I knew there were salt mines, I knew iodine was added to salt, and beyond that, I never gave it much thought. Completely and totally uninteresting and boring. That said, the book was actually very interesting. Of course it's my own fault for imagining a book this long about salt could be engaging. What is much more disconcerting, though, is that Americans today, with the freshest and broadest food supply in history, eat more than twice as much salt on average as Europeans did at the height of their dependence on food salted for preservation in the centuries before refrigeration.
New England and parts of the Nordic countries were able to profit significantly through this method, which was sometimes paired with their cod stocks to create salted cod to sell on the world market, providing financial stability for the region. Name a person: Gandhi, Marco Polo, George Washington. Kurlansky brings life to something that plays an important role in our history as well as the everyday life of all. Tabasco was what the McIlhenny family came up with when their salt-mining business dried up after the Civil War. Literally, let everyone do so, as we all need a moderate dose of it. An army essentially could not subsist without salted meat which prevented spoilage and allowed for long marches.
When the Confederates captured or retook a salt works, they celebrated. Although not strictly food history, Salt is at its most winning in the chapters telling of people's obsession with it for flavoring and preserving meat and vegetables. But, until these relatively recent events, salt was a vital part of the economy. You can also follow him on his blog PubliusOnline. It's really a shame, too, since this is a fascinating book. It's just felt more like a book for someone who wanted to be entertained than someone who wanted to learn and understand a larger picture. Salt was surely a lucrative and profit-rich business, according to Kurlansky, and anyone could do it on a small scale.
I didn't think it possible to have someone talk about salt for 13 hours and 43 minutes but it was. The detail Kurlansky takes in his writing seeks to educate and entertain in equal measure, while not drowning the reader in minutiae. And yes, he really does look like the Dos Eq For a guy who literally looks like the Dos Equis man, Mark Kurlansky has managed to find some of the least interesting subject matter I could imagine and turn them into full histories. Previously read Sept 2003 - Checked this out from the library on the recommendation of Carla Irene The title is pretty self-explanatory: the book discusses how salt was accessed, processed, sold and used from ancient times through today. Lists, lists, lists of everything that has ever been done with salt. I downloaded this audio book from my local library.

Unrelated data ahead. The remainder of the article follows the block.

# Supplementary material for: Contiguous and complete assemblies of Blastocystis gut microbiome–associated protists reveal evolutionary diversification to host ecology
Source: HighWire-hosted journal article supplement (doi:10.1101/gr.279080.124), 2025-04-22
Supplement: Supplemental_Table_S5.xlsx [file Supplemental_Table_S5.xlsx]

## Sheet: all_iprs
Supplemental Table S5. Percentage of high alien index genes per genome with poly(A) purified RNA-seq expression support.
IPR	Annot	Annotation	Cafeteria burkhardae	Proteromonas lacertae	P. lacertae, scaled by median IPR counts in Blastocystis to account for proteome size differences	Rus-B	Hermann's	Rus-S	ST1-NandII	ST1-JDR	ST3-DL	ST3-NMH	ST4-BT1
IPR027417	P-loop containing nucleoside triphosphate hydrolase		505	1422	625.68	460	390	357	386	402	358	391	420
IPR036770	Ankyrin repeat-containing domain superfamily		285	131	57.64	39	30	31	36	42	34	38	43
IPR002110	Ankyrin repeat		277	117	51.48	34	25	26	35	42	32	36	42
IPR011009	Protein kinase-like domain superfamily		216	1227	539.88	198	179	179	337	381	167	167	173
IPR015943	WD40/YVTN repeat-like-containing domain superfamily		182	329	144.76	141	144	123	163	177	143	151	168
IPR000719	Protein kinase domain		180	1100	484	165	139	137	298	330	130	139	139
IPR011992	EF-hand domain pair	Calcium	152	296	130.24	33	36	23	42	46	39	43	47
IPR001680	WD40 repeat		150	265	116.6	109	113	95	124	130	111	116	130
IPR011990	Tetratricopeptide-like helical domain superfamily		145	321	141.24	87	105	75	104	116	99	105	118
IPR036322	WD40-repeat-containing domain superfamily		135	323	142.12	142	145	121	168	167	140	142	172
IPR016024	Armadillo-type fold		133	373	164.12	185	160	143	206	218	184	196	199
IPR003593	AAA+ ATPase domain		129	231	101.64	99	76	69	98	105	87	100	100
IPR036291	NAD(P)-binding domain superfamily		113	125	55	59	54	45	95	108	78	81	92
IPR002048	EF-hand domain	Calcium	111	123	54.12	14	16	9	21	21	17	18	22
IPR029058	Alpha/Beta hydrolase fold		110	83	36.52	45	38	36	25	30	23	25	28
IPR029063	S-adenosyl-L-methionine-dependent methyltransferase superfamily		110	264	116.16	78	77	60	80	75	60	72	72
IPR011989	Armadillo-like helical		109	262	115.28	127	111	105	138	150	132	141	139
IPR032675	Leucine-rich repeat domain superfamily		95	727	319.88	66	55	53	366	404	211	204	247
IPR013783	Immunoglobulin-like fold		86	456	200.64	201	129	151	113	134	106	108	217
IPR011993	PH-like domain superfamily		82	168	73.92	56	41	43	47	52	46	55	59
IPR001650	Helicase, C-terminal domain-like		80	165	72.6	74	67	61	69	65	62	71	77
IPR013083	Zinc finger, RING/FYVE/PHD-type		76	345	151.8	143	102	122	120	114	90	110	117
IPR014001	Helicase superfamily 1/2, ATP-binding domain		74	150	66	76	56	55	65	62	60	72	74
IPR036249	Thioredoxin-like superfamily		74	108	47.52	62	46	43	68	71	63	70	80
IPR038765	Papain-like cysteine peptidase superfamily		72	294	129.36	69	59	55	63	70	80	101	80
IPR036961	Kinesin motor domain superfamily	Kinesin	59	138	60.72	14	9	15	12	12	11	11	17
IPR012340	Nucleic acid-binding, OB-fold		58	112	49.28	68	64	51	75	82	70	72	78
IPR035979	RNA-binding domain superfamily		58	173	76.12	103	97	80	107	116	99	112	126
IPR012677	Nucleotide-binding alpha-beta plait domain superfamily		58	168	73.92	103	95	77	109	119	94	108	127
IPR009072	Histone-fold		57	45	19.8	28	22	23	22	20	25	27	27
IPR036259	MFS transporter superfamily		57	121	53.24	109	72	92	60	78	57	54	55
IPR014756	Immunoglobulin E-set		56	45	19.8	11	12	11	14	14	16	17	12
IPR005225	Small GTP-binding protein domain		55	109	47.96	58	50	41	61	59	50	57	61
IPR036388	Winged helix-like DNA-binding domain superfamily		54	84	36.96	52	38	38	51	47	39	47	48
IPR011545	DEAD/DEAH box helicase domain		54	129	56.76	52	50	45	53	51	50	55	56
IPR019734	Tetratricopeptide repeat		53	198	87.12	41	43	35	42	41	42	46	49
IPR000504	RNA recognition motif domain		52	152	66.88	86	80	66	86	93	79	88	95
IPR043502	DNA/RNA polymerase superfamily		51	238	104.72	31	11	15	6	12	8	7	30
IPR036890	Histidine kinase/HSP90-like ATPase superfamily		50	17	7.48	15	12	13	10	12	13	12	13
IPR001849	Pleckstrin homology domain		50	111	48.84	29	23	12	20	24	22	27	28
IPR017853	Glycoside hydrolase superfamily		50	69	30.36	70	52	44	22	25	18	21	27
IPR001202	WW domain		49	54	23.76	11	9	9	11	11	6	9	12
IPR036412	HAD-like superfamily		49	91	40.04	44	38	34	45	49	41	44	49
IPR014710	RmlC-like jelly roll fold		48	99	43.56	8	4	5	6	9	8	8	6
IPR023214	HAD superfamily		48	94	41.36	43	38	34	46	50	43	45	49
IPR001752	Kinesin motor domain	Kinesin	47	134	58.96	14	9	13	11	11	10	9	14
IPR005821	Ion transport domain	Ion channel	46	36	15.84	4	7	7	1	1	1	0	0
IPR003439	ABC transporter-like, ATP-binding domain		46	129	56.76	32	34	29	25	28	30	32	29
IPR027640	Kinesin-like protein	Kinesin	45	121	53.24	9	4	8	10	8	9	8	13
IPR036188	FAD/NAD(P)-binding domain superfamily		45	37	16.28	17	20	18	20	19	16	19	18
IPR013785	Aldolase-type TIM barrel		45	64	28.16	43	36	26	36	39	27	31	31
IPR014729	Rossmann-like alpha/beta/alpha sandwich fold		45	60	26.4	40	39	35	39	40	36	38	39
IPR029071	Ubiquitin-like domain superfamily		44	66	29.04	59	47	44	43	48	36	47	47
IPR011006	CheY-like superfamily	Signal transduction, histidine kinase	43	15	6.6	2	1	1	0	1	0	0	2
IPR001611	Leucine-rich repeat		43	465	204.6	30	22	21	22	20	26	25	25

In chapter one, he explains how because of Lake Yuncheng, a lake of salty water in China, caused many wars because many civilizations were fighting for it. وبدأت الإدارة الأميركية المستقلة على الفور في جملة من السياسات والإجراءات تشجيع صناعة الملح ومواجهة نقصه الحاد والحصار البريطاني، فشكل الكونغرس لجانا للمشورة في طرق ووسائل إمداد الولايات المتحدة بالملح، وأعفي العمال العاملون في مجال الملح من الخدمة العسكرية، وواجه الصيادون والمزارعون أزمة خانقة في الحصول على الملح. I was praying for a relief from the tedium of this book. If every history book had such a sharp focus and clear presentation, no schoolchild would ever be left wondering about the when and why of, say, the battle of Bunker Hill. It is no longer clear when legends were made into men and when living historic figures were turned into legends. تلك المادة سريعة الذوبان التى لا يتخيل احد عدد الدول التى ' ذابت ' فى التاريخ من أجلها.